Tuesday, August 26, 2008

Does Social Security Increase Poverty?

One of the real dangers of writing a blog is becoming political. I do not want to at all. In fact I have purposely not said anything about Social Security for that reason. It is the proverbial third rail. That said, it came up in class yesterday when we were talking about the importance of compounding on future values, plus it has been a hot issue for years with friends and is covered in quite a bit of detail in Real Change (one of the books I am ristening (risten= Read and listen).), so I will at least point this article out that deals with some of the issues you generally do not hear from politicians who are trying to scare up every vote possible.

Social Security Increases Poverty: Newsroom: The Independent Institute:
"Social Security affects poverty among the elderly in two offsetting ways. While it reduces poverty by providing income to retired persons, it discourages private saving during the working years....The net effect of this is increased poverty among the retired population.

To understand this conclusion, it is important to compare the rate of return on taxes paid that is generated by Social Security to the rate of return people could receive on their private saving. For those retiring in 2008, the average implicit real (inflation-adjusted) rate of return on Social Security taxes paid was slightly below 3 percent—and it is scheduled to decline to under 2 percent in the next forty years. In contrast, if people retiring in 2008 had invested the taxes they paid into Social Security in a balanced portfolio (60 percent stocks and 40 percent bonds), they would have received a return of 5.5 percent."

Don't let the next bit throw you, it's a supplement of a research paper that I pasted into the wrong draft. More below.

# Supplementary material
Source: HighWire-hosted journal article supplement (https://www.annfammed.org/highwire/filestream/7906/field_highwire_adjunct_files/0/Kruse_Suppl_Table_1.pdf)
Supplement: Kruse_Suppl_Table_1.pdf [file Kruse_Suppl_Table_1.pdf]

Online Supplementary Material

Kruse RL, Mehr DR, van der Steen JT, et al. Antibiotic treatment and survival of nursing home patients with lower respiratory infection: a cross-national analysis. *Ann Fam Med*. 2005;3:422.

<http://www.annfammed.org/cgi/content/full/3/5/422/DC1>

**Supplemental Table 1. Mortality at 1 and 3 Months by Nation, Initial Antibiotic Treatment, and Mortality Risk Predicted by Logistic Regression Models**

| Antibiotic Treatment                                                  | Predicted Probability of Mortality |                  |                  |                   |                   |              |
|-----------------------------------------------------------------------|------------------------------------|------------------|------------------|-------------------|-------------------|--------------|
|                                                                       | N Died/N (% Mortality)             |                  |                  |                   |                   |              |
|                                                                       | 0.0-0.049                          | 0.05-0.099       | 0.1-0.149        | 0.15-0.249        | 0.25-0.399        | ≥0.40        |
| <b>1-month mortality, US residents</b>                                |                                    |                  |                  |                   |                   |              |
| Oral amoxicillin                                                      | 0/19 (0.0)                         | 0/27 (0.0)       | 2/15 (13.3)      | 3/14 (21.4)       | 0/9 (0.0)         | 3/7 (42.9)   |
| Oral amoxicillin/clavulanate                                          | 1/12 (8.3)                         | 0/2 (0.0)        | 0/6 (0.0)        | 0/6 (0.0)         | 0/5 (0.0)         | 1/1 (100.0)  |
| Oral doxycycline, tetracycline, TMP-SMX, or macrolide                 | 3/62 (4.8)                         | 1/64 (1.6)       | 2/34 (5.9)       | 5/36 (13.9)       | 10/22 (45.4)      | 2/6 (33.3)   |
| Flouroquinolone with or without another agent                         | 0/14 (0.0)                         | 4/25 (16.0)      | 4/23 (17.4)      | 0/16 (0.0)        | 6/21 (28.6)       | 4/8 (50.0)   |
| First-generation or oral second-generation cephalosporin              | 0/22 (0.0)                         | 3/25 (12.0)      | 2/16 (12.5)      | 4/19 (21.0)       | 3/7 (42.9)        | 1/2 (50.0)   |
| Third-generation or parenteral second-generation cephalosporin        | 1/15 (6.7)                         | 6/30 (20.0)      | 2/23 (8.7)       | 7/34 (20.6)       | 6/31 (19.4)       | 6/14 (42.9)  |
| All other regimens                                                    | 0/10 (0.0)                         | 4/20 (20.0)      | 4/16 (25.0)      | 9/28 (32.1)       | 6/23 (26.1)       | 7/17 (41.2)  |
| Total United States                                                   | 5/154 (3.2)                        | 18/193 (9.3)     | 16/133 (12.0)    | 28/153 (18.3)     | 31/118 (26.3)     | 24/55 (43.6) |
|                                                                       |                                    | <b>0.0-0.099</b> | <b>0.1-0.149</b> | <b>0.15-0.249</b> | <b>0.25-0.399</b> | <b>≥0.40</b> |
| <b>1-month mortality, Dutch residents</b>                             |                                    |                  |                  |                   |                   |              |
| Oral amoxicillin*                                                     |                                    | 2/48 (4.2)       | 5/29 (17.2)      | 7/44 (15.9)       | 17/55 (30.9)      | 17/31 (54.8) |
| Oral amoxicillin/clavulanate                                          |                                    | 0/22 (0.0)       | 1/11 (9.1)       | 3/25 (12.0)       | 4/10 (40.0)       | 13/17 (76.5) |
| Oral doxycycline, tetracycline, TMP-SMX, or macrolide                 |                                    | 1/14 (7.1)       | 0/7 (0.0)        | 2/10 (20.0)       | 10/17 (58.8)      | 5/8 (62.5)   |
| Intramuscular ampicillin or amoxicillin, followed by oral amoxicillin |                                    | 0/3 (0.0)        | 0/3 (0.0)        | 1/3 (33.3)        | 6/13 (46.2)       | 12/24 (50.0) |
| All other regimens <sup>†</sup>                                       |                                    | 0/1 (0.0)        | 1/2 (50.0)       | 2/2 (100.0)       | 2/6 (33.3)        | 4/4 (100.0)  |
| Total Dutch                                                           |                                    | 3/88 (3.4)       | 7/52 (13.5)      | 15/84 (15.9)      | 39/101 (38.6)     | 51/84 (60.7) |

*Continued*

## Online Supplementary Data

One problem with this of course is that the past is not likely to repeat itself and market returns may be much lower (see for instance Paul Krugman's piece from NY Times in 2005). That said, returns that are less than two percent and in many cases negative (even before being concerned with the solvency of the Social Security System) makes it likely (although not certain), that you could earn more elsewhere than through social security.

While I can not vouch for its accuracy, here is an interesting calculator that estimates how much you will earn on your "investment".

1 comment:

Lord said...

Social Security is only intended as a part, 25-40%, of income in retirement corresponding to the fixed portion of the portfolio though allowing for greater equity investment in personal portfolios. The real difference though, is not return but how many would save anything during early years allowing it to compound. Sadly, the experience with private retirement accounts has not been promising on this regard, so it seems highly likely it does reduce poverty.